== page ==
Ever since I was a child, I was fascinated with windows. Windows in buildings that allowed me to view the everyday lives of strangers, even for a fleeting moment – an image, a sound, a smell, a piece of music, accents – when they come from people you don’t know, and will perhaps never encounter again… it somehow got me thinking about their inner lives. The richness therein, the sadness, the dreams they might have. I have no interest in writing about kings and queens.
Because no life is ordinary. And all lives can change in a matter of seconds. Those pivotal decisions that we take, or acts of fate, come in a flash, in a single moment. Short stories are built around single moments.
The stories in Translated from the Gibberish focus on a temporary state of flux, often ending with a tragic revelation that decidedly changes the protagonists’ life. You have a shockingly calm, quiet way of delivering these revelations. Tell us a little about your writing style and choice of prose.
I think it goes back to what I said earlier: about being relaxed when it comes to writing about tense moments. If the writing is too tightly coiled, it attacks the reader in an uninteresting way. But if the prose is relaxed, calm, then the storm itself (the fatal ending, for instance) is like a punch to the gut. You don’t see it coming. And even if you do, it hurts more.
You’ve wrapped these stories into two parts of the semi-autobiographical eponymous story, offering the entire collection a deeply personal lens. What inspired this?
I wanted to blur the line between fiction and non-fiction. The title story is my most personal writing ever. It’s not autobiographical, but it’s truthful. I almost never write about myself. But as my twentieth year of being in Canada approached, this story oozed out of me. Even though I have been thinking about these characters for years, when I wrote the stories I wrote them fast. I’d like to think of each story as a single breath. This is a collection of seven breaths, seven exhalations.
As an Indian immigrant living in Canada, you simultaneously have two homes, and a sense of displacement or no home. How has this duality affected your identity, and you as a writer?
As a writer, it’s a blessing. Because I am an insider and an outsider at the same time. I can swoop in and out of worlds and lives. I am both observer and participant, and the distance between the place I write about (Bombay) and where I live (Vancouver) offers me perspective. As a person, it has made me appreciate family and friends so much more. I have developed some wonderful bonds in Canada as well, but at times it can be a lonely and isolating existence. Again, great if you want to write a novel. Not so lovely if you long for human connection. In terms of identity, my family has always been from “somewhere else.” My paternal grandfather moved to India from Iran, and now I have moved to Canada. Nationality is just one part of identity. At least that is what I have realised. I don’t mean to be overly dramatic, but in a way moving away from home, losing contact with friends and family, losing land, shedding memories, all of it reminds you of how temporary life is anyway. It is a constant reminder that one day everyone has to leave.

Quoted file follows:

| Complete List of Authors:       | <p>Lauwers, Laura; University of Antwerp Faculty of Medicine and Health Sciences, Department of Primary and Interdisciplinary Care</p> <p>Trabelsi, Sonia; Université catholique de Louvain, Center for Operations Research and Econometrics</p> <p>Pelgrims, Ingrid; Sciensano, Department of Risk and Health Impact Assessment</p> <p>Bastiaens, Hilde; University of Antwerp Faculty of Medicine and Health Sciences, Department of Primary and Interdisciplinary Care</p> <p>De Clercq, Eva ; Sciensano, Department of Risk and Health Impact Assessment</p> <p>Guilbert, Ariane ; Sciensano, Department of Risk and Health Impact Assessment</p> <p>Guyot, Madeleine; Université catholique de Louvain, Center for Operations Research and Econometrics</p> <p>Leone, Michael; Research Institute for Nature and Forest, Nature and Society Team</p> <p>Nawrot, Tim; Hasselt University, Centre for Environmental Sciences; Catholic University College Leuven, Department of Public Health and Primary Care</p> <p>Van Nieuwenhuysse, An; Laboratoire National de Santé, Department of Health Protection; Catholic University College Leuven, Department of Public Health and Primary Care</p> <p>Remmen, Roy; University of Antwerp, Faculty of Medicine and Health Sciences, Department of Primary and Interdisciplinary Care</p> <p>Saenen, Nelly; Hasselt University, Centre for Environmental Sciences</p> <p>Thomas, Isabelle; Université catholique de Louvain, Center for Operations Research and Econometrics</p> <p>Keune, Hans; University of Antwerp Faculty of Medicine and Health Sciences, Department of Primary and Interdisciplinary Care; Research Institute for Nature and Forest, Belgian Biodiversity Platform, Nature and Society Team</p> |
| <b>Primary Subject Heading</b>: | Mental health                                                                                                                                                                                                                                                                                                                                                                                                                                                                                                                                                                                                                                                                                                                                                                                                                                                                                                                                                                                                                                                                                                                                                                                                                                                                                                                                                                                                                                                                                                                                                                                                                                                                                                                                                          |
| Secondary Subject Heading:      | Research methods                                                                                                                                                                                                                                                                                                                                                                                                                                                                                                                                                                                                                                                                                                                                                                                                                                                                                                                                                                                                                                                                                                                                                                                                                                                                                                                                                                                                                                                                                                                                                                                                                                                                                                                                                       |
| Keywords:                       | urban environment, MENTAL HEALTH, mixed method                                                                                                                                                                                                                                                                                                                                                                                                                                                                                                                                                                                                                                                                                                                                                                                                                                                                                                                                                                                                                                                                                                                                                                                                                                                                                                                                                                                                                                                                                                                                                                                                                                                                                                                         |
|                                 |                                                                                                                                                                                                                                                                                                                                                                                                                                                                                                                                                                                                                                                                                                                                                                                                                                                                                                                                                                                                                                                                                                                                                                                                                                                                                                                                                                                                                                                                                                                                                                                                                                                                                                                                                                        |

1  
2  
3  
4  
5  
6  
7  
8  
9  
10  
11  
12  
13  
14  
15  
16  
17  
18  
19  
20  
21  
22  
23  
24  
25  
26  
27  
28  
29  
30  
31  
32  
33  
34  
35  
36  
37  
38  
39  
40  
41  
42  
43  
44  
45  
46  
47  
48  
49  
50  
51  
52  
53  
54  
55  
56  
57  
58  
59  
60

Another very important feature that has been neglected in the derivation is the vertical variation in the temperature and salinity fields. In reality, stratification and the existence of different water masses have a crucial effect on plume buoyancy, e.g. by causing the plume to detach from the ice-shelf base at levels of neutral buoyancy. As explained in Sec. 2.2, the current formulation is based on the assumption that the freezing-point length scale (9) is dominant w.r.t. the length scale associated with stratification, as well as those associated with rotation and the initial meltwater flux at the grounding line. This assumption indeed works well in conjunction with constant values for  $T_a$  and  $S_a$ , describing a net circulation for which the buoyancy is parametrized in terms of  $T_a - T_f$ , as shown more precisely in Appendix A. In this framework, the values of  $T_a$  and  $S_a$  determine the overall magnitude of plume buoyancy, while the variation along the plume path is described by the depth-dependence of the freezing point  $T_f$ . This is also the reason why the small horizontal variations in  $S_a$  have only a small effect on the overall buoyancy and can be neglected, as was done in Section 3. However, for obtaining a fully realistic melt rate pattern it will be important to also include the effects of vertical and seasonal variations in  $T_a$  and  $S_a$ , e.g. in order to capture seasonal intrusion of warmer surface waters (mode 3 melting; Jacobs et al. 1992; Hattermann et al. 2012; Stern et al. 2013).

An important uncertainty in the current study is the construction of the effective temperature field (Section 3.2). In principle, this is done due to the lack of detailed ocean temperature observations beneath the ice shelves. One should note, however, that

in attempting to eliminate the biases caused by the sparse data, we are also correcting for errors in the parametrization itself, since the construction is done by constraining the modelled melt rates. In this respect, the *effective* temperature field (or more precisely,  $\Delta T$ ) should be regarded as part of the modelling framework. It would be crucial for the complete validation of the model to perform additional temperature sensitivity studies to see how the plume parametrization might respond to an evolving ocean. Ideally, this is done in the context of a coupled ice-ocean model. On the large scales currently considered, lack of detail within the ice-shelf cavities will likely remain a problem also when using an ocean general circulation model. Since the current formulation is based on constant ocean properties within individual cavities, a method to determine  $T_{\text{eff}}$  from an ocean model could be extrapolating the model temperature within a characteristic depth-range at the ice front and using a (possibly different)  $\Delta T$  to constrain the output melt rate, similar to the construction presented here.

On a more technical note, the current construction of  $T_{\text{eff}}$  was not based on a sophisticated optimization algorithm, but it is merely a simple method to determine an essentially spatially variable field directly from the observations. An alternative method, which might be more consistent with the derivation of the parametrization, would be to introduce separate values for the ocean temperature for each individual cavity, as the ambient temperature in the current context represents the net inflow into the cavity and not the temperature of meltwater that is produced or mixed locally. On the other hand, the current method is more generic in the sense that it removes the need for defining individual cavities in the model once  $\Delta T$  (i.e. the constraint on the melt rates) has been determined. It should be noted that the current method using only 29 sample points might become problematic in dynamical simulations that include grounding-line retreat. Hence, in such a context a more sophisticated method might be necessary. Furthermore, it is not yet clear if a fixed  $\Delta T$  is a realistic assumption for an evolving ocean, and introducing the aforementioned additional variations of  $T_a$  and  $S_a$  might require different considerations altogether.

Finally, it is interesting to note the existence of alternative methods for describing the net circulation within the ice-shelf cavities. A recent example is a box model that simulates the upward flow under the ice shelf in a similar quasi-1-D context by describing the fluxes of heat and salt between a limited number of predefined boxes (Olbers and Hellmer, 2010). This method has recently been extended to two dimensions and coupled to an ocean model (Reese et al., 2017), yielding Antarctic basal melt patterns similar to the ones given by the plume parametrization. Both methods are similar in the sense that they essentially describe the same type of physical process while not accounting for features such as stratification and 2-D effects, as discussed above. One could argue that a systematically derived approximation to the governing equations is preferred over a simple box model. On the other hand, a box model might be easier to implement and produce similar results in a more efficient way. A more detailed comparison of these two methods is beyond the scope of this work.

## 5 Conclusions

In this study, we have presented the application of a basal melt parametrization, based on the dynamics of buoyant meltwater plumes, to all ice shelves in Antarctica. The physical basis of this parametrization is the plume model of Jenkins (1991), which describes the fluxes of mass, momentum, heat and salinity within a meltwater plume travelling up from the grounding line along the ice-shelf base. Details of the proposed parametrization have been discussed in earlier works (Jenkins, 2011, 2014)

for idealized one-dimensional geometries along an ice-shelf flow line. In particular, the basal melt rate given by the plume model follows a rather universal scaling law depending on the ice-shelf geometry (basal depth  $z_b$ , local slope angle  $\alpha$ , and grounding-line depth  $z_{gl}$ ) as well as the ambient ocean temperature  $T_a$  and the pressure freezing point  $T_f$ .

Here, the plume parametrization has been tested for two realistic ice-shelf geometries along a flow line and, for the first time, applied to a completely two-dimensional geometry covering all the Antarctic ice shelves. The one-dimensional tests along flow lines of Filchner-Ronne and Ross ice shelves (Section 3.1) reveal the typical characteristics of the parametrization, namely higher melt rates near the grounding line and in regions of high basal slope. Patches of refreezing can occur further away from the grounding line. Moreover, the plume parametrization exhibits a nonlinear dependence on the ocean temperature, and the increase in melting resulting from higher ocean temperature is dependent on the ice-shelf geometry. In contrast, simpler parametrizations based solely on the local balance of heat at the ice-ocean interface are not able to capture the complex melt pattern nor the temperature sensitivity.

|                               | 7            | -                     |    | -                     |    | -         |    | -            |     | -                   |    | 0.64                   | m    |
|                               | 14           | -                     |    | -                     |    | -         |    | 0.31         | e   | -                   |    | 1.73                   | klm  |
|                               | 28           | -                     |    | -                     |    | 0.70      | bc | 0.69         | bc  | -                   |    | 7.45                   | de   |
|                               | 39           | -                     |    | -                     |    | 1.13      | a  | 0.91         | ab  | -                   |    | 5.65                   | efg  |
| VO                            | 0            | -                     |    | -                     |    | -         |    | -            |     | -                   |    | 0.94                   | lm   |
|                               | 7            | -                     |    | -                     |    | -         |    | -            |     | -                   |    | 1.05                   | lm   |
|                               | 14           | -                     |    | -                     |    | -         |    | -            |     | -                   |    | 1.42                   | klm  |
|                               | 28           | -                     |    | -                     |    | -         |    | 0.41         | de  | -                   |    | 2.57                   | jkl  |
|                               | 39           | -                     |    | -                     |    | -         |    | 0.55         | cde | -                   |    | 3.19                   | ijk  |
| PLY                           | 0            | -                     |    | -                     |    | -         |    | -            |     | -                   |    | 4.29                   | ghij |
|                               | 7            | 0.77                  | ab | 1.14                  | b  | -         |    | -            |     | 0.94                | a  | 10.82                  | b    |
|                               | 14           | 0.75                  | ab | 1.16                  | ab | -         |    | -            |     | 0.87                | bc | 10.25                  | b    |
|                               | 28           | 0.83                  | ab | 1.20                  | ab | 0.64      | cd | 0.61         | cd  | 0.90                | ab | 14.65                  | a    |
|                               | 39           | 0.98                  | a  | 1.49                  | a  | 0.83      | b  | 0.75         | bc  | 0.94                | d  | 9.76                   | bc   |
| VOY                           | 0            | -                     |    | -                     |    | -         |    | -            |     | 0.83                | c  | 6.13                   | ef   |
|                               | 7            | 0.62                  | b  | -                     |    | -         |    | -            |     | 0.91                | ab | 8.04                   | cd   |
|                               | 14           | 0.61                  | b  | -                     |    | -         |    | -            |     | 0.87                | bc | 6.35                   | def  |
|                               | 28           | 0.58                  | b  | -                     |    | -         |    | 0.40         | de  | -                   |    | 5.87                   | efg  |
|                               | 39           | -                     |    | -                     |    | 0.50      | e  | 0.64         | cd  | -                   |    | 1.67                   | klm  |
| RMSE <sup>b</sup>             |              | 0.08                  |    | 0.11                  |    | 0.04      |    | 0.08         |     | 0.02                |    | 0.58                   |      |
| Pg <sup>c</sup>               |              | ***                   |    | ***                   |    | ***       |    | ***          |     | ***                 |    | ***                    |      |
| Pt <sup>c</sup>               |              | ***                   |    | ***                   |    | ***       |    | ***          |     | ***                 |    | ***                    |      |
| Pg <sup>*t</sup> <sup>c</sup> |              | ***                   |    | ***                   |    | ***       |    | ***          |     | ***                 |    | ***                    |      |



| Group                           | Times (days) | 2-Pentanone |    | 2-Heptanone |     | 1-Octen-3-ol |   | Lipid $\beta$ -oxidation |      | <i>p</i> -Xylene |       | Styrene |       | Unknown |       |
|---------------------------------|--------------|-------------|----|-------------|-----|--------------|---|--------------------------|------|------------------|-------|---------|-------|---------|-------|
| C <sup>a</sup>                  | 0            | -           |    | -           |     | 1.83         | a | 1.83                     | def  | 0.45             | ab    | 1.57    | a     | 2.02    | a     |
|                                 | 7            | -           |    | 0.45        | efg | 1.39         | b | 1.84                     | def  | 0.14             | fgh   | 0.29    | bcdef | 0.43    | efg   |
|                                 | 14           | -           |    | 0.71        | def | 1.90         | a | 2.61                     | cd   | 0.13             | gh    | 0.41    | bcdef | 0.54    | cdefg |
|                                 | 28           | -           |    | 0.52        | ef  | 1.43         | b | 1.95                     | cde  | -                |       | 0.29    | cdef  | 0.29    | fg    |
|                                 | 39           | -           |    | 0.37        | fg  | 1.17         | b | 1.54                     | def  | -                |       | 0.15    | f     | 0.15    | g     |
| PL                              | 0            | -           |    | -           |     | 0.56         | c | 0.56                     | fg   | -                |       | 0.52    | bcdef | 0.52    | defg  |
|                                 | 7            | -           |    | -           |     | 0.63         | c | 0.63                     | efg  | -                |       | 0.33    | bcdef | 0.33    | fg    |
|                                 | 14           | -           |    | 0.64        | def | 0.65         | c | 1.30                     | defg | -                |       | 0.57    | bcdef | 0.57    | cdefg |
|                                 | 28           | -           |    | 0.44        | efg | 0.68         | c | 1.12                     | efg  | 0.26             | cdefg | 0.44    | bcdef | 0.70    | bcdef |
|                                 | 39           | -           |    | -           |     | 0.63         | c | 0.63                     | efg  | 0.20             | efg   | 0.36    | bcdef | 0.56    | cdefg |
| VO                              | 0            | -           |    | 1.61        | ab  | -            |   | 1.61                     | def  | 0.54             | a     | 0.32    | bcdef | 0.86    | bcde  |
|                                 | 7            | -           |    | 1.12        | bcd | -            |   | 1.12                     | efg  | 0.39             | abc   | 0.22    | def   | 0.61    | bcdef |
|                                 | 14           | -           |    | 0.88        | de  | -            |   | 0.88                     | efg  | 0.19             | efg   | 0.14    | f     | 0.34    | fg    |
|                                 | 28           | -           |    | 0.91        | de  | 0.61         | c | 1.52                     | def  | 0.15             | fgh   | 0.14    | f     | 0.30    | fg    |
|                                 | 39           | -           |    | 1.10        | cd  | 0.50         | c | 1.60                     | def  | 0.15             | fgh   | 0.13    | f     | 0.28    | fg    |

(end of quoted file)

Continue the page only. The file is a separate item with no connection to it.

Rootlessness is perhaps not such a bad thing because it is a kind of death.
You’ve often expressed a preference for the name Bombay over Mumbai. What does this name signify?
Bombay is a state of mind. It is home, it is memory. I do, however, use Mumbai in my writing now. There are Bombay stories and there are Mumbai stories. It’s hard for me to tell you exactly what the difference is, but I can feel that difference when I write. Mumbai has a tension, an undercurrent, the feeling that something might erupt suddenly. Again, I can’t put my finger on it.
Given the political unrest in the country and the sense of loss of home many are experiencing and fearing, how can art process the chaos, the 'gibberish' as you refer to it, inside oneself?
“Inside oneself,” as you have mentioned in the question, is the only place where any real change can take place. The function of art is to disturb, to challenge the status quo, to reflect inequality and injustice, and also to celebrate love and beauty. Once we get unsettled as readers (because of the power of literature and stories) we will hopefully go on a search that will raise our consciousness, make us more compassionate. Through the inner lives of the characters that we encounter on the page, our inner lives transform. But one has to allow that. Lately, however, I have been questioning the power of literature in terms of its ability to fight anything in the outside world. For instance, when I was researching the red-light district — the transgender community and sex trafficking — for my novel The Parcel, I had this feeling of outrage and utter helplessness. Was my novel going to make any difference? Would it change anything externally? Not really. But it did move people.
Compassion is tender, it is subtle. Corruption and the capacity that human beings have for cruelty are, unfortunately, too powerful right now. You cannot stop a war. But, through art, you can tend to the wounded.
Tell us about the writers and works that have most inspired you.
Some of the literature that has inspired me over the years:
A Fine Balance by Rohinton Mistry. That one shattered me. The Collected Stories of Naiyer Masud. In my opinion, one of the most unique, mysterious, brilliant short story writers of all time. His work can be frustrating, but in a beautiful way. The poetry of Wislawa Symborska and Anna Akhmatova. The plays of [Eugène] Ionesco, Tennessee Williams.
Here are some other names: Junichiro Tanizaki, [Vladimir] Nabokov, [Fyodor] Dostoevsky, [Anton] Chekhov.